For many years, experts have claimed the Haldane principle as a founding charter of British research policy. The principle’s origin is dated to the 1918 report of the Machinery of Government Committee, chaired by former lord chancellor Richard Haldane (pictured, left). The principle is supposed to state that, while governments may set research budgets, decisions on how the money is spent should be left to researchers.
And yet in 1962, Harry Melville, secretary of the main UK research council of the time, the Department of Scientific and Industrial Research (DSIR), published a history of his department that did not mention the Haldane principle once. This was for the simple reason that it had not yet been invented.
The principle first appeared in its current form in February 1964. Austen Albu, an Imperial College London engineer, industrialist and Labour MP, noted that the Conservative government was painting Labour’s plans as seeking to control the work of scientists. Albu told parliament: “Allied to this political propaganda is the discovery of a new scientific principle—the Haldane principle; the principle that all scientific research in support of government policy must be conducted in independent research establishments.”
Later that year, with Labour now in office, the Conservative MP Quintin Hogg (pictured, right), who had been in charge of the research councils from 1957 to 1964, attacked Labour’s creation of a Ministry of Technology. “Ever since 1915,” he claimed, “it has been considered axiomatic that responsibility for industrial research and development is better exercised in conjunction with research in the medical, agricultural and other fields on what I have called the Haldane principle through an independent council of industrialists, scientists and other eminent persons and not directly by a government department itself.”
The panjandrums of research policy from the 1960s onwards were authoritatively dismissive of the principle. Solly Zuckerman and Victor Rothschild, government science advisers in the 1960s and 1970s, did not believe there was such a thing. Frederick Dainton’s 1971 report on the research councils avoided dealing with it. More recently, Bill Wakeham’s 2008 review of UK physics noted that Haldane’s report did not contain anything like the Haldane principle.
If Hogg did invent the Haldane principle there is a neat symmetry; both men were intimately concerned with research policy, and both became lord chancellor, with Hogg becoming Lord Hailsham. It’s interesting that Hogg’s founding version of the principle is focused on the need for an independent council of “industrialists, scientists and other eminent persons” rather than researchers, and that it mentions 1915, not 1918. The earlier date is more accurate, as the crucial moment was the DSIR’s creation.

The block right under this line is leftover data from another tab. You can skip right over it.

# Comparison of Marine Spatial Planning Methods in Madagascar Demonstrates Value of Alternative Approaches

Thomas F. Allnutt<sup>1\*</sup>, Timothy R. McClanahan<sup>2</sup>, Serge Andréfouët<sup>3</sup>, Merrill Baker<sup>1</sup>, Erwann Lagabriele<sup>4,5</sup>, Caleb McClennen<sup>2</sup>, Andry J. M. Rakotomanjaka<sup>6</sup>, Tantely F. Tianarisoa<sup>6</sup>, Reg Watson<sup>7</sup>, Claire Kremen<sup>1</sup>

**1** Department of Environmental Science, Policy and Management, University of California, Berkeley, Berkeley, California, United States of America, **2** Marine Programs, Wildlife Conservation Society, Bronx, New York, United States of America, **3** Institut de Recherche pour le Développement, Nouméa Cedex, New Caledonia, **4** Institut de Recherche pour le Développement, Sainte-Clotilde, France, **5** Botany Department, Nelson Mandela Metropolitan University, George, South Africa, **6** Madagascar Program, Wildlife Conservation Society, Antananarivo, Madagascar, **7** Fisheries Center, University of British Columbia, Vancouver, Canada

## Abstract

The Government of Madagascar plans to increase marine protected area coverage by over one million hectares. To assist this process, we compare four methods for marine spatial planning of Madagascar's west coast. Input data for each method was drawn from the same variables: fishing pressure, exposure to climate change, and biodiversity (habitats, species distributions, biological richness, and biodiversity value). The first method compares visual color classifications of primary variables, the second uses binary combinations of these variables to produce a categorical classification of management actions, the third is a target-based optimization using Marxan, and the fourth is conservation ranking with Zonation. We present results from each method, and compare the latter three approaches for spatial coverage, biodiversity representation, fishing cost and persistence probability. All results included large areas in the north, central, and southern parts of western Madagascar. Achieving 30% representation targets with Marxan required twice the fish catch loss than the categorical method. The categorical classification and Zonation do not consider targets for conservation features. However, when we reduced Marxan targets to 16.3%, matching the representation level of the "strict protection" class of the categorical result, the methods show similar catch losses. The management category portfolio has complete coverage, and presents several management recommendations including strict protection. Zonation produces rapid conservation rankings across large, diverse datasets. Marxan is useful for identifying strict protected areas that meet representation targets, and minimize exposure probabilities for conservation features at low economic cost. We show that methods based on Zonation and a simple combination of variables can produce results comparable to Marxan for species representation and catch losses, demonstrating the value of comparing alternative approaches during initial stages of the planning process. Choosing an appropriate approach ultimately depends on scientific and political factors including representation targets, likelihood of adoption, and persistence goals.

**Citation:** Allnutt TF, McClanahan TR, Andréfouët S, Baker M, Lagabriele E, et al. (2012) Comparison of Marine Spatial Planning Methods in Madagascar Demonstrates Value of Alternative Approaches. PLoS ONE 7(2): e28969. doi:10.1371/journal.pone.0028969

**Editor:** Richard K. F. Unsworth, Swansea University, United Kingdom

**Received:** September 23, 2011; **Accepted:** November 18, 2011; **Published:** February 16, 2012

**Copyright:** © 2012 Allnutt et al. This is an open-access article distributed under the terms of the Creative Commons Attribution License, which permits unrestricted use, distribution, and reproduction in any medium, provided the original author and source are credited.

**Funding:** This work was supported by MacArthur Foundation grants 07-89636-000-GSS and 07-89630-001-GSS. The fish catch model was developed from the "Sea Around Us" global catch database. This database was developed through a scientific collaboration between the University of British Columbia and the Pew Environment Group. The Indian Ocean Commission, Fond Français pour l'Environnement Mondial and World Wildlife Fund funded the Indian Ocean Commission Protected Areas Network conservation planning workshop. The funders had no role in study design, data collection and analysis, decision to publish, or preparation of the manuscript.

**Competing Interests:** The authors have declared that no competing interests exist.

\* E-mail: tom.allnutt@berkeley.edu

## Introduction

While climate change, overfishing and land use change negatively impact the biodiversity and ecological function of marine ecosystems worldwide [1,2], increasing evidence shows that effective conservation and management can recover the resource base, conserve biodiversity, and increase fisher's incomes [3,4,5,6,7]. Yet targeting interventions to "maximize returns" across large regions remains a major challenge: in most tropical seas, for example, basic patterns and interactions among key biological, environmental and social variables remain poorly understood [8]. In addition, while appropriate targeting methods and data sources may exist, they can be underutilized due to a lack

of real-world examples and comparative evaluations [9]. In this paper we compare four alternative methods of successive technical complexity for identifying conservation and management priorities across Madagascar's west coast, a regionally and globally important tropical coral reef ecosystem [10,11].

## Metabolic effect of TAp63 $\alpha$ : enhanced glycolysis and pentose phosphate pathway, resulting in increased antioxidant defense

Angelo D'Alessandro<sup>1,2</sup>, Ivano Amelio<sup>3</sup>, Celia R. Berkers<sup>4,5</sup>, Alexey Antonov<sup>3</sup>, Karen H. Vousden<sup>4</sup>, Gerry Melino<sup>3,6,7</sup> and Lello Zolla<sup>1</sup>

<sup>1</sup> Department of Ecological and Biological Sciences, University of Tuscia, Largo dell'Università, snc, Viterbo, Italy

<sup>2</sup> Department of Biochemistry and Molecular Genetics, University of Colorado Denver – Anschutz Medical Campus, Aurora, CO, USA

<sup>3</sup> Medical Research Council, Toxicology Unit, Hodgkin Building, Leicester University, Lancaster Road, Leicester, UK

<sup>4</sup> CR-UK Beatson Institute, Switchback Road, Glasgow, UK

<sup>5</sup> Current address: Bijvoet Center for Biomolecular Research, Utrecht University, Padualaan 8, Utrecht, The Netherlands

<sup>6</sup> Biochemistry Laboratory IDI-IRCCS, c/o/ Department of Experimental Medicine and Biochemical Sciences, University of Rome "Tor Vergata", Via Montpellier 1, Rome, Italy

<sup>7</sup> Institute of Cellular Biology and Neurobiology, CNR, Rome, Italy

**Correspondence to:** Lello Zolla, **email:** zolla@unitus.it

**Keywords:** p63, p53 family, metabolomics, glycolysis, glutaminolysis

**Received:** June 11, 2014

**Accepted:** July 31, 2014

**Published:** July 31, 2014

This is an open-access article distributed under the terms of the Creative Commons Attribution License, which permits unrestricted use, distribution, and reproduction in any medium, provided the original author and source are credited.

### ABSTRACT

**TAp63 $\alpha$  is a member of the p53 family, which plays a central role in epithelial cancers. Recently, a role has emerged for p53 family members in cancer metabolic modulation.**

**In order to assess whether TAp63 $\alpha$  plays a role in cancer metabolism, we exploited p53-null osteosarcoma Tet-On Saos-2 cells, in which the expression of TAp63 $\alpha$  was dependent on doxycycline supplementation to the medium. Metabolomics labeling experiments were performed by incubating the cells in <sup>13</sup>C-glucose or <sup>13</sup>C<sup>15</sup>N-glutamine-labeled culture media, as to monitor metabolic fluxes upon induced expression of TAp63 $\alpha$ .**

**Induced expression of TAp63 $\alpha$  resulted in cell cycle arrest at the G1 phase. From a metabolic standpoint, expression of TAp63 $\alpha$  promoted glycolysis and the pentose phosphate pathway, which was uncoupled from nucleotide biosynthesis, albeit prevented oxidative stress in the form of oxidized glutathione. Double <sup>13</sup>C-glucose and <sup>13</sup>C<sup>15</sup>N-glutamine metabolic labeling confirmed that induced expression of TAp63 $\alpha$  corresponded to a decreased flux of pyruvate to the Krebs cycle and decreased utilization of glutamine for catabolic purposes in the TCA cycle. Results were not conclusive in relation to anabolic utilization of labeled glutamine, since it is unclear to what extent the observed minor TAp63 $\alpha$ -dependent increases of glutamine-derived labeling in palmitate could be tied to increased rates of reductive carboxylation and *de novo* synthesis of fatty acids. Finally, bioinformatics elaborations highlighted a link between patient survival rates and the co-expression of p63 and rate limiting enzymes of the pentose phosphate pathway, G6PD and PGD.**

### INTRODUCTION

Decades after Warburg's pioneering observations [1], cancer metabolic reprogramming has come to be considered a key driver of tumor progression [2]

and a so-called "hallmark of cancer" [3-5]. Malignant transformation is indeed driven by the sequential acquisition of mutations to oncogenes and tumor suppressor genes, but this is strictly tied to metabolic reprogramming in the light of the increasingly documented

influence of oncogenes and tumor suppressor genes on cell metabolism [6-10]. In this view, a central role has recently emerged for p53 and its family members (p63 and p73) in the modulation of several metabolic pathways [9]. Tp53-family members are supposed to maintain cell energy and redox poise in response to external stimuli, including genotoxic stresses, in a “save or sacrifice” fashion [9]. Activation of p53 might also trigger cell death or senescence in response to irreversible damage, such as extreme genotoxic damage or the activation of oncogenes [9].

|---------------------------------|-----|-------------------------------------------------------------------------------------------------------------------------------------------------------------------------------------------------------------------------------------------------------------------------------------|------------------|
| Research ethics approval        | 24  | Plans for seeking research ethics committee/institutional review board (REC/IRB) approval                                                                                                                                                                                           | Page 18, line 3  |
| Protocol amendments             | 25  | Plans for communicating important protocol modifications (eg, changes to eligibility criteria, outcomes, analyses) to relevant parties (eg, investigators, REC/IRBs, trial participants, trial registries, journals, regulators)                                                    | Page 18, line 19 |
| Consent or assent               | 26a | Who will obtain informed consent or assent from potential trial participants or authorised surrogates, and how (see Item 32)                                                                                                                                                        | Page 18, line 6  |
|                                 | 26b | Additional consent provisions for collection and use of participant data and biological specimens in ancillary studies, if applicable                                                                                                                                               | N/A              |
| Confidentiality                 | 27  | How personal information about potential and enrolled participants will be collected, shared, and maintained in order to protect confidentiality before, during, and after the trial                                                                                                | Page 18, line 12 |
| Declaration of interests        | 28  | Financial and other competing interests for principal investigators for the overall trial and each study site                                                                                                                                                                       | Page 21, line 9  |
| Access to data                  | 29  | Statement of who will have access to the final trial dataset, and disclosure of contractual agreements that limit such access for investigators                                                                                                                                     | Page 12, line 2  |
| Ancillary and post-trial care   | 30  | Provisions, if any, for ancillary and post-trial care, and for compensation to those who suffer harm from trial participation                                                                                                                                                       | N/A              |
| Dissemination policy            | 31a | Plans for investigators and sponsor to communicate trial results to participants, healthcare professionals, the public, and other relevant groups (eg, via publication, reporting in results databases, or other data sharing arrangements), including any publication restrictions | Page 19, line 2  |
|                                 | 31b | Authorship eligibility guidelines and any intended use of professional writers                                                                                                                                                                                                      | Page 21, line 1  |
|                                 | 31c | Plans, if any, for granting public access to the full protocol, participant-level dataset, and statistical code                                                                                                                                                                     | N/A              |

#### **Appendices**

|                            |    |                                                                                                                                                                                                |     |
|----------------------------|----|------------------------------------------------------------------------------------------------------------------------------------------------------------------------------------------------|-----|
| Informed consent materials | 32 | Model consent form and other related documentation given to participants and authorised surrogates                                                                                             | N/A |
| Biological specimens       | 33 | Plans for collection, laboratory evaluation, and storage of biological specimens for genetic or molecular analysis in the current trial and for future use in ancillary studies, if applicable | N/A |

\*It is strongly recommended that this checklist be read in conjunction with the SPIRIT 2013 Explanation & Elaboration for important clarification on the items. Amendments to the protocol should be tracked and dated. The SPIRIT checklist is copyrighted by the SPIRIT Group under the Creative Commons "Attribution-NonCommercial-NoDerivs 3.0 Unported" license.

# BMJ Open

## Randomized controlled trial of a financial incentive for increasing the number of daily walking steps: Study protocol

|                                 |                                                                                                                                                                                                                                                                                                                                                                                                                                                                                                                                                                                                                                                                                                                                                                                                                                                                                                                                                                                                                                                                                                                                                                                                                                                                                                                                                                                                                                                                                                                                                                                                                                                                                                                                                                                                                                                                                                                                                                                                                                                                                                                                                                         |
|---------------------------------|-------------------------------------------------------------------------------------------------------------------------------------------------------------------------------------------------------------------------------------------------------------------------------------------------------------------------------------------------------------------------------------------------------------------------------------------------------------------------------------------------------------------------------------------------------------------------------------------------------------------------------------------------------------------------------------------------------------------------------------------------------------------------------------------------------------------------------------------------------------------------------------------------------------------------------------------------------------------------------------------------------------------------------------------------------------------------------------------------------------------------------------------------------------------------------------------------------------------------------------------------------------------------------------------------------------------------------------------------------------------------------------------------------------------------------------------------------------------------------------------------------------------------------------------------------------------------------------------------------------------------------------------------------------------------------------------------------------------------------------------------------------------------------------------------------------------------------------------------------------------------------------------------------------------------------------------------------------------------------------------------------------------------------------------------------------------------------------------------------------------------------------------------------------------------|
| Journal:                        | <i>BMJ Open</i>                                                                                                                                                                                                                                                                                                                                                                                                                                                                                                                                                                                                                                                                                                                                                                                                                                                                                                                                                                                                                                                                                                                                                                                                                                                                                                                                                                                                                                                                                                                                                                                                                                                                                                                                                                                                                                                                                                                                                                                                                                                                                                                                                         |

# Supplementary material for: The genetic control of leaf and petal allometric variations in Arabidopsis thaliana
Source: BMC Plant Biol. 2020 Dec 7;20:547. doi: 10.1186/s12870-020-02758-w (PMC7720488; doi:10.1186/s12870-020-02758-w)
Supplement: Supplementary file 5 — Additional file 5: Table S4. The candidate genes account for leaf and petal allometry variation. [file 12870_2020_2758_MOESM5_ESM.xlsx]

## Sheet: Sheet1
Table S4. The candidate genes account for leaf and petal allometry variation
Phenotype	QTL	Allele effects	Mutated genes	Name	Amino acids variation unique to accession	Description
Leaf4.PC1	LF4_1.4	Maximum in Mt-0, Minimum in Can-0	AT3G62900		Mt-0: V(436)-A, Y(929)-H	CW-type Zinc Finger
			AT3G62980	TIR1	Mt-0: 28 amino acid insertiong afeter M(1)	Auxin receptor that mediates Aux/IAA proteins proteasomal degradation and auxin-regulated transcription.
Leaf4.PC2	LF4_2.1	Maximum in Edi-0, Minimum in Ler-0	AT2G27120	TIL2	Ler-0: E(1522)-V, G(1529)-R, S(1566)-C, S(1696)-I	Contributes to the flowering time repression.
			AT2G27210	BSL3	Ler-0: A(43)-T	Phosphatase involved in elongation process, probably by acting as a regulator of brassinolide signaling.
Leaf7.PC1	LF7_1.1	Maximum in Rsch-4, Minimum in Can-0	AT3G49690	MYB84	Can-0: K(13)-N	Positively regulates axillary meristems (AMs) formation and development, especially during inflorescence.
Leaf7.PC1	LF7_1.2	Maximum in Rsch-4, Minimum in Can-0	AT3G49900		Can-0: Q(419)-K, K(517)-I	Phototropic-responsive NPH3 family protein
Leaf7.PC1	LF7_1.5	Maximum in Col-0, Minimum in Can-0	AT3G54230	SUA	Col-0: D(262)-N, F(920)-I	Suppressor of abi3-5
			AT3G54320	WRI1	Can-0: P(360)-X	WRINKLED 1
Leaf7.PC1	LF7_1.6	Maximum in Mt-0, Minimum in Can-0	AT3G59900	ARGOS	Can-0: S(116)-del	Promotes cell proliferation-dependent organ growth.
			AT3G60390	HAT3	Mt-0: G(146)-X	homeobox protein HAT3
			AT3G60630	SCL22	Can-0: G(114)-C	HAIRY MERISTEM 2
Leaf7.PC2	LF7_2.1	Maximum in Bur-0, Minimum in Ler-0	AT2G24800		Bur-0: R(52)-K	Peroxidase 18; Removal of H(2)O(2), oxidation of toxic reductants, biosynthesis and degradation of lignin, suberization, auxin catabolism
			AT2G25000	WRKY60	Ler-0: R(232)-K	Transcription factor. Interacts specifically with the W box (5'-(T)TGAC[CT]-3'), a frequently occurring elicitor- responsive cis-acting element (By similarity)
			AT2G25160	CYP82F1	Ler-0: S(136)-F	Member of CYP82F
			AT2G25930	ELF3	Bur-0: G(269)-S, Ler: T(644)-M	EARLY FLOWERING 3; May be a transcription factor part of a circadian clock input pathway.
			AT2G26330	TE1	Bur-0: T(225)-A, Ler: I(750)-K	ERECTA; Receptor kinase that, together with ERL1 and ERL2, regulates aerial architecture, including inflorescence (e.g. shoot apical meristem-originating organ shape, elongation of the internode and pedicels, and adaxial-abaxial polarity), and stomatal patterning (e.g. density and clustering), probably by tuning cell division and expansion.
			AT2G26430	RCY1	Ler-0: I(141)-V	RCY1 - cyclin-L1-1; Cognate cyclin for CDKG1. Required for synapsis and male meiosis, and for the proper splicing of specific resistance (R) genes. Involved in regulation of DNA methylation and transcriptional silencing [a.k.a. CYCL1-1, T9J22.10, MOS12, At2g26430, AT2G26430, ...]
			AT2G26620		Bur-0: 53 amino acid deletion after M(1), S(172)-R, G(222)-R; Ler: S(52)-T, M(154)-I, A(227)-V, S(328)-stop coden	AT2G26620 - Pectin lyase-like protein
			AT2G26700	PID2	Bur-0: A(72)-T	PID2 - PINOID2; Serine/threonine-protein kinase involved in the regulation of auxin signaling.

Haldane did argue for modelling the new research councils on the DSIR. But his structure for the councils was severely criticised in the 1960s, and overturned for much research. You could argue that the Hailsham-Haldane principle disappeared several decades ago, when the industry department was given responsibility for the research councils.
But it is vital to remember that in Haldane and Hailsham’s day the research councils controlled only small fractions of state research spending. They were, for example, marginal in the research effort of the second world war. The bulk of government-funded research was run by departments and thus controlled by ministers. In any case, Hailsham’s Haldane is not our Haldane, or Albu’s.
The story of the supposed Haldane principle is a good example of how experts can peddle erroneous views long after they are shown to be wrong. It is a historical myth that systematically distorts the discussion of British research. Yet here we are in 2018 marking its anniversary. What is going on?
The Haldane principle was nearly always a myth created to bolster the case for academic freedom. It was only invoked when it was supposedly violated. That—to the extent that it is a clear argument at all—is still true today.
Back in 1918, or indeed into the 1960s, academic freedom was a principle that didn’t need to be written down. Nor would it have been associated with the research councils. Academic freedom resided in academics themselves, their universities and learned societies. The state funded these bodies in ways that were respectful of that shared understanding.
But that was then. Today, academic freedom needs a more robust definition and defence than a made-up principle. The time has come to stop discussing research policy using misleading historical analogies and misleading historical lessons. It is not only Brexiteers, alas, who fail to understand the lessons of robust historical analysis.
This article appeared in Research Fortnight 12 December 2018